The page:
Many, many – possibly showing my age hear but – many moons ago, whilst doing an A level in government and politics, my teacher recommended I read The Ragged Trousered Philanthropists.
Despite leaning to left so far at the time I am amazed I didn’t fall over, I had never heard of the book – which promotes socialism over capitalism as the only real option if the working classes are to ever have a decent standard of living and reap the rewards of their labours.
I immediately went out and read it, though it wasn’t the easiest book to get through, and it has stuck with me ever since. I remember it made me angry at times, sad at others, and utterly depressed for most of it. Life for the characters in this book was harsh, bleak, and – often – short. They worked hard (or rather were worked hard) for little pay and, when they didn’t work, there was no safety net to catch them.
Recently, it came up in conversation and I decided maybe the time was right to read it again. I couldn’t remember the plot, I realised, but still had images of the painters and decorators the story centres around in my head and also one scene in particular where someone dies hadn’t ever left me.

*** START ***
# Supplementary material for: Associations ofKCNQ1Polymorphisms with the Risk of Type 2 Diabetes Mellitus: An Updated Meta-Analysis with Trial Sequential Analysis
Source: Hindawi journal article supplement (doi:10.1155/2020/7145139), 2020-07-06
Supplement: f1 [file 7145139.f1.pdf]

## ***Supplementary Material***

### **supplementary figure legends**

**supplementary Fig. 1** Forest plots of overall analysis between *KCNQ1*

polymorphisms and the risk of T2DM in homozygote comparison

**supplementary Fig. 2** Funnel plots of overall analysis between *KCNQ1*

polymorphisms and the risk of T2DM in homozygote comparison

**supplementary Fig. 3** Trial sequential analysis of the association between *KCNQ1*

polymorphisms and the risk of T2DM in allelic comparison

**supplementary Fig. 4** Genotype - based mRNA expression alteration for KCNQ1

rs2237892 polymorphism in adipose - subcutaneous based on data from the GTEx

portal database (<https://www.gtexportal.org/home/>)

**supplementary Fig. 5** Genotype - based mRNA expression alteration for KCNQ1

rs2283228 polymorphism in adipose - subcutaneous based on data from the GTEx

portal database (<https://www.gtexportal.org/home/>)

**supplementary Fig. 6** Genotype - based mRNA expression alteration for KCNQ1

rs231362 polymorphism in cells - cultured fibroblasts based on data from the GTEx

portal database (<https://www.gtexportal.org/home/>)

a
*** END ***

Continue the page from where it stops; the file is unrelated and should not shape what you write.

As soon as I started reading, the story came back to me pretty much straight away, as did the indignation I felt for and the frustration I felt with the characters. They are treated so badly – yet they don’t stand up and say no. Of course, with no welfare state to protect you and plenty of other men willing to take your job, it’s probably no surprise.
This isn’t a subtle book. It’s one that beats you over the head with it’s message, which it repeats pretty consistently throughout the book to make sure you get it. It paints a picture of a world I wouldn’t want to live in – one that in the grand scheme of things isn’t that long ago. Reading it, part of me thinks how far we’ve come – with employee rights and state benefits – whilst part of me wonders if we’ve come very far at all and if we are maybe just more comfortable in our chains thanks to satellite TV and smart phones.
Reading back over what I’ve written I realise I’ve gotten quite feisty, which is what the book was no doubt written to do – to light a fire and wind me up (in a political way). It is how I felt back as a teenager and how I hope other people will feel reading it.
Despite being over a 100 years old a lot of the messages in it are relevant and just need looking at with a modern eye. I’m not saying we should all storm the barricades but I am saying, after reading it, in this capitalist world maybe we should think about how we treat each other and those that work for us / wish us. This one is worth a read if the news of more cuts to welfare make you feel uncomfortable or you are a political bent – though appreciate it’s not for everyone.